Wednesday, September 11, 2013

This sounds like a good topic to get into about UV radiation and the pros and cons about it.

This sounds like a good topic to get into about UV radiation and the pros and cons about it. Through the conversation is very good, I think I’ll add a few wood chips to the fire.

There are several good points being brought up here by everyone and if people think that making a UV Light is easier and cheaper than just going out and buying a professionally made one, well think again. On the surface UV Lights seem like a very simple device to make and anyone could make one for half the price than one you can buy. Manufactures use VHO and UHO Lamps for most UV Lights, that means special electronic ballast and not the cheep ones you buy at a hardware store that are specifically made for Low Output Lamps and not for high output lamps. Yes, you can buy cheaper ballast at a hardware store, but wiring them up correctly, well that’s if they will work at all, is another story from what I’ve heard through the grapevine.

Plus, and this is a big plus, that already has been brought up here; if you do the job yourself and get shocked or accidental death should be the outcome, you will have no recourse of tort in a court of law for such. Buying a manufactures UV Light means they and not you take all responsibility that their devise is safe to use around water.

Syd is right in saying that a three inch diameter UV unit will give you a better kill rate than a two inch diameter unit would by over 50% better. Bigger is not better when using and improper UV Lamp to size of ID (inner diameter) of a unit. The bigger the diameter of the unit like 6 inches would need a VHO T5 Lamp with over a 55Watt rating.  However, you cannot compare UV Units/Sterilizers by the watt ratings alone. The watt rating is just a starting point in properly sizing a sterilizer to water output.

As Syd has said: The full amount of UV energy required to kill a microorganism must hit the organism after the energy leaves the lamp, after it leaves its quartz sleeve, after the lamp has aged and after it has passed by any turbidity and color that blocks it.

Then you get into UV Lamps, like low-pressure mercury type lamps that 40% UV energy efficiency rate between input watts and UV output watts. UV-A lamps produce some ozone and UV-C lamps do not. As Dave has stated, Medium- and high-pressure mercury-type lamps are best suited for treatment involving chemical byproducts associated with industrial wastewater but not germicidal action. Their output range falls way outside of the germicidal range. You must also remember that it is the intensity of light that is doing the killing not just watts and how much of that energy is reaching the target we wish to kill or eradicate.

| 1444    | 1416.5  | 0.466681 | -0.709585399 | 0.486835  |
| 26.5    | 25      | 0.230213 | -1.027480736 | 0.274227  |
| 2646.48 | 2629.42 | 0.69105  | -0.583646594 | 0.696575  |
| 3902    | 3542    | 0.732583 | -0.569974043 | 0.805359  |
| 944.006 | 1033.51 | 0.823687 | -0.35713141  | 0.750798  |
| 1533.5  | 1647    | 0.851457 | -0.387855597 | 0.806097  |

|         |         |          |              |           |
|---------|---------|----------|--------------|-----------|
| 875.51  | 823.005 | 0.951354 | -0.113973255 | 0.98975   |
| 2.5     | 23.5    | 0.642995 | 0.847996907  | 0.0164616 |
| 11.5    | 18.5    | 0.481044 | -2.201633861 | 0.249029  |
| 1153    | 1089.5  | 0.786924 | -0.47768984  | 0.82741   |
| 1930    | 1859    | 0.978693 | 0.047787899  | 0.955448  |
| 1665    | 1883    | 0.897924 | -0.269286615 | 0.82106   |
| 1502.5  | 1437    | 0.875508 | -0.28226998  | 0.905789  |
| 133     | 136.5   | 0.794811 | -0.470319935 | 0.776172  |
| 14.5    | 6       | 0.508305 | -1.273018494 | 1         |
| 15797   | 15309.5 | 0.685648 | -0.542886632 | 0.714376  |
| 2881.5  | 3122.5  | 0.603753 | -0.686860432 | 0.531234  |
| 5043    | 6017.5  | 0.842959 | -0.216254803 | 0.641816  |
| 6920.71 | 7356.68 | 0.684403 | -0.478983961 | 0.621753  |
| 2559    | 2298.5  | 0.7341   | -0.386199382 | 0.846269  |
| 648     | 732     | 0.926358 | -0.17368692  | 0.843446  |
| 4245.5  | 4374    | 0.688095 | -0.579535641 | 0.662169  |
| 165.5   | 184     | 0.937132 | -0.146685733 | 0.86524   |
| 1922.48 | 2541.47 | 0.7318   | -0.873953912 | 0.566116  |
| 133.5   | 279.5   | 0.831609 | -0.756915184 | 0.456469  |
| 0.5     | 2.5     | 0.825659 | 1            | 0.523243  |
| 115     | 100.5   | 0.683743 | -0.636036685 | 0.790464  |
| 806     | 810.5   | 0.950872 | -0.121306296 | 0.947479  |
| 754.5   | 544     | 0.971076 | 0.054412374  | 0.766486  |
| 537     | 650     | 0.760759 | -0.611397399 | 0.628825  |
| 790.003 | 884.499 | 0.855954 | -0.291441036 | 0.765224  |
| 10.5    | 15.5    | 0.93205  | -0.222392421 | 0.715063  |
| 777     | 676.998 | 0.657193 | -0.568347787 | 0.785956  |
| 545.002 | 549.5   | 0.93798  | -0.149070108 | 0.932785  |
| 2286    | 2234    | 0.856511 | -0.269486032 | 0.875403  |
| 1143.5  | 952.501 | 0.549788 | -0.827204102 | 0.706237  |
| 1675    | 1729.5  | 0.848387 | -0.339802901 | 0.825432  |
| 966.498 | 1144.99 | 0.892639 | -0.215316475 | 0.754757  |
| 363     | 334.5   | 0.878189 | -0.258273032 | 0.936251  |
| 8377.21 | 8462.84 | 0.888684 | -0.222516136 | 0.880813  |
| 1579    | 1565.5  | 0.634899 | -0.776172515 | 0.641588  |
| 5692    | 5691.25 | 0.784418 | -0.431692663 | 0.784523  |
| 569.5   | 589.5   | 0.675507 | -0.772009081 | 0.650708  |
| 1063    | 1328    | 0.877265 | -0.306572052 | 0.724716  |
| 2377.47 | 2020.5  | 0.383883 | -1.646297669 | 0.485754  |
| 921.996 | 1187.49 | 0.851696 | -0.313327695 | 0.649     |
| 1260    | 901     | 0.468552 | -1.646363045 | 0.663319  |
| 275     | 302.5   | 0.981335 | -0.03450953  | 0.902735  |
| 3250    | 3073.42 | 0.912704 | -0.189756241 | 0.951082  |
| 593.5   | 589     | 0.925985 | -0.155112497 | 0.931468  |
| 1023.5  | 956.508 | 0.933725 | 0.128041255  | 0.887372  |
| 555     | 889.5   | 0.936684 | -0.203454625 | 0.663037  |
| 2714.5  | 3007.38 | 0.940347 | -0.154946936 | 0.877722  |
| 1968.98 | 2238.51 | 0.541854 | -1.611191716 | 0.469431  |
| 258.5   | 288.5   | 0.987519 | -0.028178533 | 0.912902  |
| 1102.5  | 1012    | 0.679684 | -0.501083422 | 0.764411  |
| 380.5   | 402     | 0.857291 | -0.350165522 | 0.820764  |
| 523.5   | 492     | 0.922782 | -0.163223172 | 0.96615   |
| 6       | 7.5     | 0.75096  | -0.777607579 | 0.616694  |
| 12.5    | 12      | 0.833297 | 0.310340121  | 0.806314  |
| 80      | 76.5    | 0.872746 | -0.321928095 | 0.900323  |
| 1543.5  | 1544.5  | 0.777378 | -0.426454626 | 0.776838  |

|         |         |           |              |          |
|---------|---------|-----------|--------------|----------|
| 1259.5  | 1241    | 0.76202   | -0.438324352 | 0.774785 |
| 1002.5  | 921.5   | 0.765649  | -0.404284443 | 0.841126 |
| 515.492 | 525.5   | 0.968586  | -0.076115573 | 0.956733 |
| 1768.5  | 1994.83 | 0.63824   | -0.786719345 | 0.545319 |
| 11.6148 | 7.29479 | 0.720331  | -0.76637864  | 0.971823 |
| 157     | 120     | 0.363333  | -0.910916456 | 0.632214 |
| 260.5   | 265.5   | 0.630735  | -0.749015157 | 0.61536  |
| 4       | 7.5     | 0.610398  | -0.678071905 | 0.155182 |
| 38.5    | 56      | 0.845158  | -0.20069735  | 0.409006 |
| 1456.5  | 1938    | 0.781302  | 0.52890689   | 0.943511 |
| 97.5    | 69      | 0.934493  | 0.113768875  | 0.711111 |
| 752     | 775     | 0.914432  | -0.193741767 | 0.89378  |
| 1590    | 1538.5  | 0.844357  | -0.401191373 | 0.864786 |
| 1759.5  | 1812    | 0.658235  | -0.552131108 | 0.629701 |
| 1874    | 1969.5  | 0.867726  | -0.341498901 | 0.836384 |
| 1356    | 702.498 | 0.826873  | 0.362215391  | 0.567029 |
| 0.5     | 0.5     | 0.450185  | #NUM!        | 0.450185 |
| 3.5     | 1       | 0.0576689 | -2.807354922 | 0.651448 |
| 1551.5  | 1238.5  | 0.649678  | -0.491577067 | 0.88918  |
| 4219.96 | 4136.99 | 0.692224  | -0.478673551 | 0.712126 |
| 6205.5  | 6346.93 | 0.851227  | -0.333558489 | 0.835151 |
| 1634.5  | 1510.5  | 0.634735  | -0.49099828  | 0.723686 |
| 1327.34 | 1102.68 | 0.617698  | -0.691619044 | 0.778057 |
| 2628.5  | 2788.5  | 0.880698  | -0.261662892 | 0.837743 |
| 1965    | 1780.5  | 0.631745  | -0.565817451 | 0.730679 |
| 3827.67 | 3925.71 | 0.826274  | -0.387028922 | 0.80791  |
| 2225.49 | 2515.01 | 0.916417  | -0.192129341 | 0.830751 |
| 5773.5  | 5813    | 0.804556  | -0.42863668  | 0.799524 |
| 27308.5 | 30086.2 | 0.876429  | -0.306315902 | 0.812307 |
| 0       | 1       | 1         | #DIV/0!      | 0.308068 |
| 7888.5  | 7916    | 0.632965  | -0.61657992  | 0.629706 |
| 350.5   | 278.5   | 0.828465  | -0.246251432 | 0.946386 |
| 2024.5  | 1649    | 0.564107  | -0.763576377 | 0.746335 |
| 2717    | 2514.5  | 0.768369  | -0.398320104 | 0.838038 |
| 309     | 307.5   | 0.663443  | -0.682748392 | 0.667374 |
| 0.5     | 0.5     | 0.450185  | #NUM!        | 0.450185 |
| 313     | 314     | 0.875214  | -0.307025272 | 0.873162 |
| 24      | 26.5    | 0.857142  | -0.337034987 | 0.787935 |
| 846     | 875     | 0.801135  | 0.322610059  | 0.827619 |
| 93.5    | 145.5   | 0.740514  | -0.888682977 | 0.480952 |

So placing a UV Lamp inside a filter (9 Watts is a joke) is a guessing game to say the least. You must know how much light energy to use, and how much is reaching the target. All factors like turbidity, even some dissolved salts, like Sodium Thiosulfate affect the efficiency along with lamp temperatures. Temps of 110F give maximum UV output; that’s why quarts sleeves are used to keep temperatures of lamps hot so cooler pond waters don’t reduce lamp output and their effective kill rate.

Years ago Tetra made a filter that had a UV Lamp on the inside of the filter cover/top with a reflective SS behind it. It failed because the lamp was not protected and could be busted easily and its effectiveness was too untrustworthy and too many variables came into play that RD did not show. Good ideal or bad it failed!

As far a looking into a UV Lamp when on, take it from someone that’s been there done that. In the Navy several of us were exposed to UV Lamp radiation by accident for over an hour. Because of the distance we were at (about 1-2 feet), we only suffer from what is called “sand in the eyes” for about a day and then all went away. So looking at a UV Light from 2-3 feet away or more will probable do very little harm to ones eyes for even a few minutes. It’s a caution the manufactures give to protect themselves not you in a lawsuit. Your eyes are being exposed to more UV light when you walk outside in direct sunlight than from a UV lamp at 2-3 feet away.

Also, UV lamps lose about 40% of their output in about 6 months so a controlled distance inside a cylinder is still the best way to go and refracting and reflecting UV light also plays a part in the effectiveness of the UV units that we buy along with dwell time that is scientifically regulated by the units ID, how long is the unit, and if it’s tangential and allows the water to circulate around the UV lamp for a longer dwell time. In a filter dwell time can never be calculate to an exact UV exposure for waterborne algae that requires a 22,000µWs/cm2. Only as Tetra found out that this dwell time can be regulated with a cylinder and not inside a filter.

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